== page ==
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Lesson Plans


Re: papercasting

[ Thread ][ Subject ][ Author ][ Date ]
ttipton.tz
Sun, 27 Sep 1992 04:38:57 +0300


I have been doing papermaking projects with kids and adults of all
ages for eight or so years now. I sometimes make molds from clay,
casting them in plaster and then pressing the paper pulp into the
plaster. Too many accidents and breakages over the years with a few
kids of their molds either by neglect or too much water in the
plaster, have made me work with easier and totally successful molds
of plasticene shapes or slabs on top of sheets of plexiglas. The
plexi gives a wonderfully smooth texture to the cast paper and the
plasticene is reusable. I save the more sophisticated mold making
process for older kids with the other as a backup if something goes
awry.

Regards,
Teresa Tipton

Date: Thu, 19 Mar 1998 23:01:09 -0500 (EST)
To: artsednet.edu
From: Ron Pachter <rpachter>
Subject: papercasting

Two projects in one. We make our own paper casting "molds" from slabs of
red clay (my favorite because I like the porous nature of it) but any cone
06-04 clay works well. Amaco has a good project sheet on this casting
method using their commercial molds, but I like to make my own--more
flexibility and much less expensive.

First we slab out the clay, then press or carve designs into it to make
molds. I have some commercial molds like are sold in craft stores to show
them as well as other examples. The commercial ones are quite expensive and
limiting to creative processes. I have made some wonderful ones just by
pressing flat toys, refrigerator magnets, pieces of wood, etc. into the
clay. You can also carve a relief into the clay. Allow to dry and fire to
bisque.

Spray the mold well with a no-stick spray and wipe excess out. Blend any
paper making mixture (i prefer cotton linter or a linter-paper mix) into a
paper pulp and pile gobs of the wet pulp into the mold.

Press excess water out with a sponge, and finish getting as much water out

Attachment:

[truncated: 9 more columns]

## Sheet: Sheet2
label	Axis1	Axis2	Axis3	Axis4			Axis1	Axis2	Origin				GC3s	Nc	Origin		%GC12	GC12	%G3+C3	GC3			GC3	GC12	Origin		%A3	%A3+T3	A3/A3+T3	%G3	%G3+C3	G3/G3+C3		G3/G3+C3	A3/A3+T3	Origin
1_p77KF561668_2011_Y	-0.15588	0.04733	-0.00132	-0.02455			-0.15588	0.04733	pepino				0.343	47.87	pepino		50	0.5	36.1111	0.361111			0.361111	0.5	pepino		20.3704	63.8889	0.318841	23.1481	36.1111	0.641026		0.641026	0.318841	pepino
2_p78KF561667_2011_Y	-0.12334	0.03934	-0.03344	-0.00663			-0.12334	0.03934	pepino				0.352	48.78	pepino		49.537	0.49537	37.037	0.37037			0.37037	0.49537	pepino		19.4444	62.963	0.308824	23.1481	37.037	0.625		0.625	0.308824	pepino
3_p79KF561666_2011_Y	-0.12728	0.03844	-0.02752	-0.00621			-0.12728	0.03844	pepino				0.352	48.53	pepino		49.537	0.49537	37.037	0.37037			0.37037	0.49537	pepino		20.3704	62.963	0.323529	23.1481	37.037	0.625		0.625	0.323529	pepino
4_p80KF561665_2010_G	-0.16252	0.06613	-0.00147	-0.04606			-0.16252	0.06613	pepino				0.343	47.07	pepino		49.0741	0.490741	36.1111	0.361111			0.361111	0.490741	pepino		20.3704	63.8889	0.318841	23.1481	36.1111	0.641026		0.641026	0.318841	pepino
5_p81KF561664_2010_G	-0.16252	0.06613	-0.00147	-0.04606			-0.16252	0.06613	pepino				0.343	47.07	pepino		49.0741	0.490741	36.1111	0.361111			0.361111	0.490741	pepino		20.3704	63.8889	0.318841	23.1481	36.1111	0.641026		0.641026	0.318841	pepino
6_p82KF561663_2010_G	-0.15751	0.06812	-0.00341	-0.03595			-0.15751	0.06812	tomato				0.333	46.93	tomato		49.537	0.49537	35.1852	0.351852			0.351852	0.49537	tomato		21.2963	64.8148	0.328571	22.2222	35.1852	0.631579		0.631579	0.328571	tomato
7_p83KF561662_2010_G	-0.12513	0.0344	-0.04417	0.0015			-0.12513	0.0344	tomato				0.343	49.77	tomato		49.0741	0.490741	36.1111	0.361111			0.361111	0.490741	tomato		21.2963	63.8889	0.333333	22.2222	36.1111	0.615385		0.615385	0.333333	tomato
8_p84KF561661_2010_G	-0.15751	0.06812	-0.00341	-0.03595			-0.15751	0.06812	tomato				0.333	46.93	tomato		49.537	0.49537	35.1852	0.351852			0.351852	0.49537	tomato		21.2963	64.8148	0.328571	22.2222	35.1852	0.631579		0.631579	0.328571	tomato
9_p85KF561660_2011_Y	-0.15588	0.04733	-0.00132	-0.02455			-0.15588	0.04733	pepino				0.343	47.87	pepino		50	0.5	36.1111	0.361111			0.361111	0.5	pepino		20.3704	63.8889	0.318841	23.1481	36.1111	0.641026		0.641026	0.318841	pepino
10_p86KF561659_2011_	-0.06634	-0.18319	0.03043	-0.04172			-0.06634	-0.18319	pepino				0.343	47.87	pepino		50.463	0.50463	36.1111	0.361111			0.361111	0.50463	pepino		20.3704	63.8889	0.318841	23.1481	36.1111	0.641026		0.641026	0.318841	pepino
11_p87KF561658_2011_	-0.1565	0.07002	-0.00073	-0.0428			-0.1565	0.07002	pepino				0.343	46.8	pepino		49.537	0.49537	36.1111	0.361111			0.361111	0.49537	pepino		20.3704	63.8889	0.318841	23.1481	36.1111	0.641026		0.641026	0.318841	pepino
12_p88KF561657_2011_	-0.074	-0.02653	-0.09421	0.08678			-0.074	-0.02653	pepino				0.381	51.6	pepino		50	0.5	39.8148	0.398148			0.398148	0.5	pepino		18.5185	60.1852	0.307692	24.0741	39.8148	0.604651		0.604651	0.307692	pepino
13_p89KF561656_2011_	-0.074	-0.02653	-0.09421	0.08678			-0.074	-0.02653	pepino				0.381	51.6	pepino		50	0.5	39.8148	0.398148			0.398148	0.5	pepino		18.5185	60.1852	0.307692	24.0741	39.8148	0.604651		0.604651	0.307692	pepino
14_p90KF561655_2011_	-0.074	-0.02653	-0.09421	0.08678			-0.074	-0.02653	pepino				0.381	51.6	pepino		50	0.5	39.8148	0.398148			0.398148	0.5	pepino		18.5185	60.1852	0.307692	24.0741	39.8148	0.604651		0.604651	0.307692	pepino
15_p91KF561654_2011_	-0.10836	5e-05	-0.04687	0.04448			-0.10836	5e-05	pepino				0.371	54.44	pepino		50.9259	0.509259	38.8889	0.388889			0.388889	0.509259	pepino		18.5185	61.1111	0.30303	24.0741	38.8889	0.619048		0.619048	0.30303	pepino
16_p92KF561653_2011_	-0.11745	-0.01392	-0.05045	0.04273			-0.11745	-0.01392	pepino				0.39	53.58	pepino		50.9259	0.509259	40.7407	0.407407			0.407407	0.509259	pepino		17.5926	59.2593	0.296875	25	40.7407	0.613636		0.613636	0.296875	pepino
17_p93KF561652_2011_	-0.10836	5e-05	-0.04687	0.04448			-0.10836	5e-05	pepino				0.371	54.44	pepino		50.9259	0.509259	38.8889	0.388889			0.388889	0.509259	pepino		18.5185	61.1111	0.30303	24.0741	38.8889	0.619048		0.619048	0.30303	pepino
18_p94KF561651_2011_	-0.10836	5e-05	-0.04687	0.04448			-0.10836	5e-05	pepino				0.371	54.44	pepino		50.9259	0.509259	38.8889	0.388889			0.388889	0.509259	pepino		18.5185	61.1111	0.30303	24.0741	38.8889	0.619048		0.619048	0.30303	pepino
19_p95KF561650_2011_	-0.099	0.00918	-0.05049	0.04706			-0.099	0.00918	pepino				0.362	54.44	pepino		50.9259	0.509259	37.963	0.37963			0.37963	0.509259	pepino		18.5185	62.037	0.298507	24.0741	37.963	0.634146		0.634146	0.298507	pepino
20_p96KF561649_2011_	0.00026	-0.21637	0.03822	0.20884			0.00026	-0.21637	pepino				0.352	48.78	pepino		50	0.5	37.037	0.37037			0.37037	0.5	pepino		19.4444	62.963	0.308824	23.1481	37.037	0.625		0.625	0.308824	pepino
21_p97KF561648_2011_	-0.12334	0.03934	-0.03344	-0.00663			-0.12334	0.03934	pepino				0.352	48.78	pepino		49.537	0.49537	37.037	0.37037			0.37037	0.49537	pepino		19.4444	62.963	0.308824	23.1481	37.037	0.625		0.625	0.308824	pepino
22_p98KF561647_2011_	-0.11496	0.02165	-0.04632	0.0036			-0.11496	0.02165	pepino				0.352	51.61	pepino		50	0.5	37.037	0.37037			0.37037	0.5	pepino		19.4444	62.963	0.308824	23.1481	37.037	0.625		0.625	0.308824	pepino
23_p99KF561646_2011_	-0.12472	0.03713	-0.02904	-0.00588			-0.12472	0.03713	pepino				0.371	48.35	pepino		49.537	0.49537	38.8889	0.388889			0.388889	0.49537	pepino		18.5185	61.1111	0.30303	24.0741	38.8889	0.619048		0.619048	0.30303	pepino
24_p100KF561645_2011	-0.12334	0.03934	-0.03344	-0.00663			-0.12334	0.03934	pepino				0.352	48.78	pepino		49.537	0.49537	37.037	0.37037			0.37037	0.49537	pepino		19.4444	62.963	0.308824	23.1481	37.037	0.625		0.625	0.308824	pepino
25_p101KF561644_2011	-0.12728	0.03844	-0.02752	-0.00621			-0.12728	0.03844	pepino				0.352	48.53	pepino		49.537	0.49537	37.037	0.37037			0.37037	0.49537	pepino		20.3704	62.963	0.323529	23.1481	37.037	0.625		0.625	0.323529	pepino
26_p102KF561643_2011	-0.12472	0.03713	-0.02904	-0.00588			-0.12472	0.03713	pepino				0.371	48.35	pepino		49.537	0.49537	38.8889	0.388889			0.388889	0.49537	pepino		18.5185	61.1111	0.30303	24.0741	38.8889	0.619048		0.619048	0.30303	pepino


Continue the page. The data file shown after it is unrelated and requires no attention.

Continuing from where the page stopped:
as possible with a towel. It is critical to good, smooth castings that the
pulp is pressed well into the mold and that as much of the excess water is
removed as possible. Allow to dry naturally, or you can hasten it in an
oven or a kiln that has been pre-heated to warm and shut off. Pieces should
pop right out--encourage stuck edges with a dull knife if needed. They can
be painted or left natural. If you find your paint bleeds, add a tbs. of
liquid starch to your blender water when pulping.

Several pieces are then assembled together into a paper relief. Backgrounds
can be drawn, painted, watercolor washed, etc. Effects are limitless and
kids love it. One student did a beautiful piece that was fish done entirely
from paper egg carton pulp and she paper cast single sheets that she
collaged for a background and put the fish on top. And then GAVE it to me.

Larger slabs can be reliefed into a whole composition for more advanced
students and this can be done for almost any age.

Hope this is good for some of you--both clay ideas and papermaking came up
this past week or so and this is one of my favorite projects. Wanted to try
to pay some of you back for your kindnesses and superior info.

Regards. Marlyn
In not so sunny Florida where it will stop raining some day I'm sure.